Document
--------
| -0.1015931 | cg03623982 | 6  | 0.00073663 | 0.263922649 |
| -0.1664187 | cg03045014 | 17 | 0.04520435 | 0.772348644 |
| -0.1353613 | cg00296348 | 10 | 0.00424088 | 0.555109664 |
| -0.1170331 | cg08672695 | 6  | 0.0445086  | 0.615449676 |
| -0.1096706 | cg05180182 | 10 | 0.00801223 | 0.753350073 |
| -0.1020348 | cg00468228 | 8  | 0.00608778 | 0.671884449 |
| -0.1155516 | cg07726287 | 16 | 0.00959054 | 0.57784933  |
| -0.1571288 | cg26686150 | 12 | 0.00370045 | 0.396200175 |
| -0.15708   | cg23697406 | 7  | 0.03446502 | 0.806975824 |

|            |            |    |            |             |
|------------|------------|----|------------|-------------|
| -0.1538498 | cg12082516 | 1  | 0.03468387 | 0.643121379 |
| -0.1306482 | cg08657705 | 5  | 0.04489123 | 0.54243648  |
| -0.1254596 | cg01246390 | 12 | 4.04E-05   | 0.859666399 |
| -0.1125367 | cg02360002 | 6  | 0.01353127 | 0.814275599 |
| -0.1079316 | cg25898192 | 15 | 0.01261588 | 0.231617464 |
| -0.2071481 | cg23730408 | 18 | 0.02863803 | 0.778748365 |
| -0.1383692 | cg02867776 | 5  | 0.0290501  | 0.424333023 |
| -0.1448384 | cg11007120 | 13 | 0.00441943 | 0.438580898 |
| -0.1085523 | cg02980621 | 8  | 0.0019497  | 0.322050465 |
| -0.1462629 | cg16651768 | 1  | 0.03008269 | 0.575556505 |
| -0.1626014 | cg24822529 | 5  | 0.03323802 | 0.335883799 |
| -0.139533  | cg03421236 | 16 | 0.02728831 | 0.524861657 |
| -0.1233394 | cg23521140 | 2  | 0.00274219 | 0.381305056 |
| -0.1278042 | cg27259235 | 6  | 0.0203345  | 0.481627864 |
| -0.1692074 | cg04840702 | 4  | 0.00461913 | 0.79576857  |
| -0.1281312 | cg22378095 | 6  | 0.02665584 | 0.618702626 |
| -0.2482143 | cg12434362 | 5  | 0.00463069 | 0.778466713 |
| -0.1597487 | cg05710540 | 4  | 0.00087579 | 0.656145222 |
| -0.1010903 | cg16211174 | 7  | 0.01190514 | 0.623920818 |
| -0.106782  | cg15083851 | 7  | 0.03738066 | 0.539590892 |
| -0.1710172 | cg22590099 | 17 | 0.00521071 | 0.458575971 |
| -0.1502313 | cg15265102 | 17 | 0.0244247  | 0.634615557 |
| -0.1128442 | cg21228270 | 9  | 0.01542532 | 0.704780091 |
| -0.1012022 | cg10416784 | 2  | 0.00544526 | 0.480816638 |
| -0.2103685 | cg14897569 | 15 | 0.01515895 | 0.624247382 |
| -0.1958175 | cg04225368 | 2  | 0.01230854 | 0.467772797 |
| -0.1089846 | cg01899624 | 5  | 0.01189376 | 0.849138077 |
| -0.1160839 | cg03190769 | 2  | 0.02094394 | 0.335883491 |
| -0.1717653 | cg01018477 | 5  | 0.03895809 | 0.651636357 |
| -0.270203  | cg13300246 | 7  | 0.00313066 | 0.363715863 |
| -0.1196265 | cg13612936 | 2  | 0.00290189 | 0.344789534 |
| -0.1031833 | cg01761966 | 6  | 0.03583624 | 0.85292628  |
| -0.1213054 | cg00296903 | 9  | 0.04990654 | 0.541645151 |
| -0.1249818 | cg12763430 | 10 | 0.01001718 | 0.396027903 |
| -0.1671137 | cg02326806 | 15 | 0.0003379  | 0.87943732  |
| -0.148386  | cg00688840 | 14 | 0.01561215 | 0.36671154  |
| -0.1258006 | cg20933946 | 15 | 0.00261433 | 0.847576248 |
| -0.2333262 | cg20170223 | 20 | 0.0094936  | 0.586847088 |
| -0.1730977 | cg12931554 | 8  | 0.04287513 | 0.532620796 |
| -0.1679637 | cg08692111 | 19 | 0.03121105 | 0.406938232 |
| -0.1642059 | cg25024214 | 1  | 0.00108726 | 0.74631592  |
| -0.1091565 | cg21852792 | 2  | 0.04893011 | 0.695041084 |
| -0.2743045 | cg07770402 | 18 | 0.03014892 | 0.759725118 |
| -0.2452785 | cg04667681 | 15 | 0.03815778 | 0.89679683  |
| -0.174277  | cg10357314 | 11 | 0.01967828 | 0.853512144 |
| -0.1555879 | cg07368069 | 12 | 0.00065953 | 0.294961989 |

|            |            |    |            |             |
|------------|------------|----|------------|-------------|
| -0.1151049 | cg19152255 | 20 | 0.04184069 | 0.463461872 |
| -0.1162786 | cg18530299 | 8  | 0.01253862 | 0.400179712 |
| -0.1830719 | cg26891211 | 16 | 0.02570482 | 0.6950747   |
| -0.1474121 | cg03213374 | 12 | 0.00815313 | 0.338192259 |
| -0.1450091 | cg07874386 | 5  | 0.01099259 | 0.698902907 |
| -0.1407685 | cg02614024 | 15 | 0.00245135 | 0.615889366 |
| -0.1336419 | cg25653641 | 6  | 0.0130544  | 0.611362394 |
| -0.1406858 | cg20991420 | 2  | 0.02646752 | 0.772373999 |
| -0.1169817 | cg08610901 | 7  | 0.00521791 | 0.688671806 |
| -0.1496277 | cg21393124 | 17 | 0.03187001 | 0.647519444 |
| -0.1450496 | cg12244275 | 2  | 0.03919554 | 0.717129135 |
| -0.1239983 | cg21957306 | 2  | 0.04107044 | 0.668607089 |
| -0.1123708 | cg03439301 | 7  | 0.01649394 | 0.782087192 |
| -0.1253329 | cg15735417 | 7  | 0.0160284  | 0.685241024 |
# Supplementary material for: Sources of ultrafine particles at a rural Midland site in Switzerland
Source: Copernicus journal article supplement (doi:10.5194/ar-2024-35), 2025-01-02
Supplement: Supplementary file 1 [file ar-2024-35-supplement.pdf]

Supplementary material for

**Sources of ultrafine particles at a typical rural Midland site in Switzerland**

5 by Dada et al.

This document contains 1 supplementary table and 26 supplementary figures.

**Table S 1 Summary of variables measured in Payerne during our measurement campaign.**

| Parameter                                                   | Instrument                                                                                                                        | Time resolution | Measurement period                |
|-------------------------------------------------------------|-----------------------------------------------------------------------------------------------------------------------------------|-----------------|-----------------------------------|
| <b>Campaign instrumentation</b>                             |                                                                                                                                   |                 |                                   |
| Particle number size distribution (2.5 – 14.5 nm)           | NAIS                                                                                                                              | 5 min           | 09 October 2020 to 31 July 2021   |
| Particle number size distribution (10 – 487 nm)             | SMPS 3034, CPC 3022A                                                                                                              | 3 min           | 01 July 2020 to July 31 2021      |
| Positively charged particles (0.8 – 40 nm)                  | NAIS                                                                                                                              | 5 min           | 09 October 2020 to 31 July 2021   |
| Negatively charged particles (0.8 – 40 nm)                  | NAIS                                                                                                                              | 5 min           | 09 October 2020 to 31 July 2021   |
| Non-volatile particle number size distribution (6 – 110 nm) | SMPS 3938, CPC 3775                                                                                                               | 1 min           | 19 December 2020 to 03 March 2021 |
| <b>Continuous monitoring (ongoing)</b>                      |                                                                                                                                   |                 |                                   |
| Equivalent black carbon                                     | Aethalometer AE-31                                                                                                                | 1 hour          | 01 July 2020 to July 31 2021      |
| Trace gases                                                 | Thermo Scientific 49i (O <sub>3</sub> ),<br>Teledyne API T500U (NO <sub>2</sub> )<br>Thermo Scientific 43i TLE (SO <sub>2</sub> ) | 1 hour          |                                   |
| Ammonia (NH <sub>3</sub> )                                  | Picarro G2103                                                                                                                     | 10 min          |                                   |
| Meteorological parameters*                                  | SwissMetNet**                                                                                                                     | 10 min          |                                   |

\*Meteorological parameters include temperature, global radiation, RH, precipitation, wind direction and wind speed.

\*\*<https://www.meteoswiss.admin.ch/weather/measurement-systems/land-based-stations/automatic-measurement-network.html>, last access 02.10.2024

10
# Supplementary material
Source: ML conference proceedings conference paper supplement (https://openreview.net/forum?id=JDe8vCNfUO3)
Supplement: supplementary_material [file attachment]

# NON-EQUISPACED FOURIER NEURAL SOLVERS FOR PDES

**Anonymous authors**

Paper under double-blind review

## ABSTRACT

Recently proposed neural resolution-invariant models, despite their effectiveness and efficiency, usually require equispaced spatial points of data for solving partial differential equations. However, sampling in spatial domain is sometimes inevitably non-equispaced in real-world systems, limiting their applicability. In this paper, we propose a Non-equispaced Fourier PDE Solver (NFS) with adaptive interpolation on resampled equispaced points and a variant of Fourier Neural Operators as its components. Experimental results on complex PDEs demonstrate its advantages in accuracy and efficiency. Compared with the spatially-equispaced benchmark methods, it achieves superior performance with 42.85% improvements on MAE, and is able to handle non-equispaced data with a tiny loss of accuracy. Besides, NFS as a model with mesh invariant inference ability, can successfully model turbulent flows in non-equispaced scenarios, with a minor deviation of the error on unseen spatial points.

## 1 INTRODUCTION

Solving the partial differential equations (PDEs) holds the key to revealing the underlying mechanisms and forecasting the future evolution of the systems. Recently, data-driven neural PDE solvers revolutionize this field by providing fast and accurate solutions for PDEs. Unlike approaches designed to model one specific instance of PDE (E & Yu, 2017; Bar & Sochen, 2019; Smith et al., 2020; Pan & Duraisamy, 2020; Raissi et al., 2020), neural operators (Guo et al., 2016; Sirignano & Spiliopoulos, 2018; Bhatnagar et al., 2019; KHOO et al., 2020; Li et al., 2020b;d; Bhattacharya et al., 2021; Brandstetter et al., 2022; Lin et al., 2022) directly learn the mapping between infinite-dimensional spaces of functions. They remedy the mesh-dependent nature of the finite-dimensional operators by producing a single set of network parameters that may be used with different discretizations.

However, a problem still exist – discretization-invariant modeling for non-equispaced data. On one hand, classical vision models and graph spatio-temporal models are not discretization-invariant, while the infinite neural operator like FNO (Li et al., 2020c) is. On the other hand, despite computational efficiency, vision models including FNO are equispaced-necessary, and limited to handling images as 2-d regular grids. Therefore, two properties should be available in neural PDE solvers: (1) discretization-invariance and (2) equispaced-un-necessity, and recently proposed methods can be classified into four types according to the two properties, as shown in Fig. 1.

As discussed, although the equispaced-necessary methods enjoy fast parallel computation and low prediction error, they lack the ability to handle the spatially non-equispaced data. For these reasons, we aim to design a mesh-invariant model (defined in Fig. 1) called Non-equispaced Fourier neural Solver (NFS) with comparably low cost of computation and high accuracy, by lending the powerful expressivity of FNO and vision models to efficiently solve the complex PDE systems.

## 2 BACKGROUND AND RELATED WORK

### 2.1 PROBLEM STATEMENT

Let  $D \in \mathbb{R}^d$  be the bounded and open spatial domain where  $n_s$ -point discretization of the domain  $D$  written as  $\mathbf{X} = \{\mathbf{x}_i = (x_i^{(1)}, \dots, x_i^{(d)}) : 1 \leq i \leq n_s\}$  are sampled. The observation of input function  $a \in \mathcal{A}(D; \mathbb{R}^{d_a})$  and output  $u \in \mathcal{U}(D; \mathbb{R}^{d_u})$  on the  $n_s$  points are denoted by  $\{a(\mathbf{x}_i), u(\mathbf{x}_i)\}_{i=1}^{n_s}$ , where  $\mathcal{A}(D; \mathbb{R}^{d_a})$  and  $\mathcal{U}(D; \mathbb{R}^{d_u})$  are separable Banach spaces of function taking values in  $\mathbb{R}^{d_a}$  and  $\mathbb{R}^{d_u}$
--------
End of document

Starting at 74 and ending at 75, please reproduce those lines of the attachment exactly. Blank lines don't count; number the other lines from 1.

# Supplementary material for: Sources of ultrafine particles at a rural Midland site in Switzerland
Source: Copernicus journal article supplement (doi:10.5194/ar-2024-35), 2025-01-02